Developers will be able to better see the toll their plans could take on thousands of mammal species after a study found human land use was the single biggest threat to their survival.
Researchers have found people pose the most risk to wiping out 4421 mammal species after comparing changes in land use between 1993 and 2009 and their chances of extinction from 1996 to 2008.
"They can tolerate some human pressure but beyond, where we start to see industry, it becomes a disaster, there is a clear tipping point," University of Queensland Professor James Watson told AAP.
"How we change land use impacts them."
The study shows activities like widespread deforestation, mining and development are to blame for their increasing vulnerability.
It also found big data can be used to predict their survival.
"This result contrasts with the findings from previous extinction risk modelling for mammals, where the importance of human pressure as predictors was found to be lower than environmental or life-history variables," it said.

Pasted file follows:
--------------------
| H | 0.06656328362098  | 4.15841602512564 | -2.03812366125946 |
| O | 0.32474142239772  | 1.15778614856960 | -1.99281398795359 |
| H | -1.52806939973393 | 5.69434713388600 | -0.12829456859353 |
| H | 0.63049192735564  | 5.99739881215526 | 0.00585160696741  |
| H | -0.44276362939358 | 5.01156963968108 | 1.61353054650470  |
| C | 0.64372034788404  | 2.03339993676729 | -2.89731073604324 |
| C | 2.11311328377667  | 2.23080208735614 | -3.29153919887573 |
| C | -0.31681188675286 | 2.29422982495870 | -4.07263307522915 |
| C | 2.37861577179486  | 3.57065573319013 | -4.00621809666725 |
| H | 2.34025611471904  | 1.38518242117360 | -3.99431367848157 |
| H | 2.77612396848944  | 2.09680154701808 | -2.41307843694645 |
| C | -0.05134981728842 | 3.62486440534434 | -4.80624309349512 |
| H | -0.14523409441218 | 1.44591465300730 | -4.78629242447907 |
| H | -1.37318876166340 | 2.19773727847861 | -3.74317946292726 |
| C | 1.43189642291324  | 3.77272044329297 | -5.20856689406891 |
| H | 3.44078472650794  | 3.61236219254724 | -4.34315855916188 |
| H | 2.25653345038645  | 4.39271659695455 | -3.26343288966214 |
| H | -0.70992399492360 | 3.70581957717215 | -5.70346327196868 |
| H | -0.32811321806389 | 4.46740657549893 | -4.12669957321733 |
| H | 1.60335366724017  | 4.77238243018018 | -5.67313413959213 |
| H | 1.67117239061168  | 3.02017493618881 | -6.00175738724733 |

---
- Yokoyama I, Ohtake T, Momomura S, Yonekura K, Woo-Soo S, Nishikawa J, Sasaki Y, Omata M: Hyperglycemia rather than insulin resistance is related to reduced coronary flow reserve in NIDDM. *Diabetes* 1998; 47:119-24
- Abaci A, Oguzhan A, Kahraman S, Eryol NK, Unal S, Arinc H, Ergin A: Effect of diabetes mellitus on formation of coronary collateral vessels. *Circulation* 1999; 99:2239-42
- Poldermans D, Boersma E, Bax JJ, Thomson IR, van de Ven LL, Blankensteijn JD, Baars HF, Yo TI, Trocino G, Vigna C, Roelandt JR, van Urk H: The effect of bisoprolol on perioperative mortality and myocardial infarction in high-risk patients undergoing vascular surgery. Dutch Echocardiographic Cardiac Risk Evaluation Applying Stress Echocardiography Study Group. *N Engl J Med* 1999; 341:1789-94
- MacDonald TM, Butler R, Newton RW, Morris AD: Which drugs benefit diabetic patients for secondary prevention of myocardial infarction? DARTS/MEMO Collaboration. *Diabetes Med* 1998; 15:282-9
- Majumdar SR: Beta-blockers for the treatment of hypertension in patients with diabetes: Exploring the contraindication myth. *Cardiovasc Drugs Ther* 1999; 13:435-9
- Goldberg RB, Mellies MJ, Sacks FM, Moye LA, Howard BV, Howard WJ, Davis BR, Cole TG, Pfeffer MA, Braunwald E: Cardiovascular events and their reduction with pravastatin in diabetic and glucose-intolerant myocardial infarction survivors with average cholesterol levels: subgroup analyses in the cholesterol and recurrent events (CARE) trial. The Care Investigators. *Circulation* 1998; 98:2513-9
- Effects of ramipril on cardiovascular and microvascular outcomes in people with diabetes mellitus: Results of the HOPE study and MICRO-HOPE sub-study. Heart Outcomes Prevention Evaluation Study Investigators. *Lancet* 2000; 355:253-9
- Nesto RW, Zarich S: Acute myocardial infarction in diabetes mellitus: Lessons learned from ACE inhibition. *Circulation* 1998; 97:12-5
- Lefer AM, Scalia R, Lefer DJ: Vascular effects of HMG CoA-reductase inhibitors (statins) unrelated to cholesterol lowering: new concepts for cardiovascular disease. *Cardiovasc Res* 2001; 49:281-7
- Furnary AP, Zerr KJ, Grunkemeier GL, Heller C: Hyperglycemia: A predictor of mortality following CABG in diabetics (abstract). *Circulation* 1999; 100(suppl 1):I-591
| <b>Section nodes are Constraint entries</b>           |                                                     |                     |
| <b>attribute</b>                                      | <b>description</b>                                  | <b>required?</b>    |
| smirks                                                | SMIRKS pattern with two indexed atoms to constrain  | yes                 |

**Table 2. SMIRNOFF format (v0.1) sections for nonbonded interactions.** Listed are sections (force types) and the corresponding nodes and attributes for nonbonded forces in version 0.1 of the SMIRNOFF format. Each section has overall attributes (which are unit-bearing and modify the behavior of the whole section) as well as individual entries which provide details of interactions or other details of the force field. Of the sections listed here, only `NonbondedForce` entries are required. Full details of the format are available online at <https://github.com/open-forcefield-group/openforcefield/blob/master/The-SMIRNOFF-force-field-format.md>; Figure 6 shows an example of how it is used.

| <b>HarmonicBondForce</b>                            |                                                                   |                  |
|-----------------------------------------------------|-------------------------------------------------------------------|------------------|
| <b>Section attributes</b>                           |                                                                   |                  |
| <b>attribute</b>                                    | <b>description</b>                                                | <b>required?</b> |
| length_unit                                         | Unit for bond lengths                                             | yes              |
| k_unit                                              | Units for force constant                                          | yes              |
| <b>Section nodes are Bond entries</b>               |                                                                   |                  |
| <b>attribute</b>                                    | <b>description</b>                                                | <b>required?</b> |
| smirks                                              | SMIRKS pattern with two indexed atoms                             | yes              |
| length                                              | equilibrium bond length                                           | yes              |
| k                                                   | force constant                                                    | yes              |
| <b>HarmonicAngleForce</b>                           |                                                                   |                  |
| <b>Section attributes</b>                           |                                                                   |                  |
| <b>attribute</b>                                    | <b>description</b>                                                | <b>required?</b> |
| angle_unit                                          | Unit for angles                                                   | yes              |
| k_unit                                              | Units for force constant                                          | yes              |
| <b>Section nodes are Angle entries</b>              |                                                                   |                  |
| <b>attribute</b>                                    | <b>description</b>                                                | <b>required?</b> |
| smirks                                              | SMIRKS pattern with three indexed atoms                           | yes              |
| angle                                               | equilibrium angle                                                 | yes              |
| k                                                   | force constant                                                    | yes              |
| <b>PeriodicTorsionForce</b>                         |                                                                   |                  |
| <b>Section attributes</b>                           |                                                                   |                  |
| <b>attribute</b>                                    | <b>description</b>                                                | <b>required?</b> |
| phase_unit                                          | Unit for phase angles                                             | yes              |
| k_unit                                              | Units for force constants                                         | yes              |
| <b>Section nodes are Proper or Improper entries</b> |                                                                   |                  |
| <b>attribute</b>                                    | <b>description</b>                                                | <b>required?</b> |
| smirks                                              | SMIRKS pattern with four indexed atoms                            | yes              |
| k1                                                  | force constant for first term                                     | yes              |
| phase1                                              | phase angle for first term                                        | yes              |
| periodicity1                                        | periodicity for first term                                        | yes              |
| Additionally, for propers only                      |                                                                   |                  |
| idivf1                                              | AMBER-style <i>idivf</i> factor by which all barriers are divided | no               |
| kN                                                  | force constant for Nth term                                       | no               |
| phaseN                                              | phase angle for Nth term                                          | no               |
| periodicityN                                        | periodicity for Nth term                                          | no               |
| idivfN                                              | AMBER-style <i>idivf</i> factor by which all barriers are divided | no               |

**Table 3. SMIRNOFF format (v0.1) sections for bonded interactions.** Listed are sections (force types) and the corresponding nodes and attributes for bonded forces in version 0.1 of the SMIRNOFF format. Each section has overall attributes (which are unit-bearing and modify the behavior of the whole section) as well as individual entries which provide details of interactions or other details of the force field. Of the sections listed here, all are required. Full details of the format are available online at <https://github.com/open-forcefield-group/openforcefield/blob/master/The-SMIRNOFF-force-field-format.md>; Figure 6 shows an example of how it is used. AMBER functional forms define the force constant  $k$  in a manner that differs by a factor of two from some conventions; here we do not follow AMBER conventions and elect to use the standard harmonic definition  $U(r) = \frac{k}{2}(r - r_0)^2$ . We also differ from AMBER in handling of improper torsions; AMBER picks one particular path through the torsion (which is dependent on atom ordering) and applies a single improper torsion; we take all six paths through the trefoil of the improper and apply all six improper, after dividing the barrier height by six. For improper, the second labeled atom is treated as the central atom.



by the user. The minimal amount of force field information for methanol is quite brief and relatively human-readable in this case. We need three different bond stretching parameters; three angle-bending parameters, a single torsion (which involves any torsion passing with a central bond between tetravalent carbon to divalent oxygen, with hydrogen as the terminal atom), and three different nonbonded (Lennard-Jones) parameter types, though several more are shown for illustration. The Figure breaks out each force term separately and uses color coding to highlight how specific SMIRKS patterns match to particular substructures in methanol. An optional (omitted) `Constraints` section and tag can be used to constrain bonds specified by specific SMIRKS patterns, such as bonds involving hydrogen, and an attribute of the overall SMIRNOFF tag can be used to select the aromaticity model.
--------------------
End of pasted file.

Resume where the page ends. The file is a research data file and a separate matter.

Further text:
Professor Watson says predicting trends in the way land is used or developed has become easier and more accurate because of the kind of data available.
It also means being able to forecast the response of animals to those changes and enables planning to reduce the risk of extinction.
"(That is) fundamental data that policymakers can use to change the course of the future for the environment," Professor Watson added.
"Right now conservation doesn't have that ability."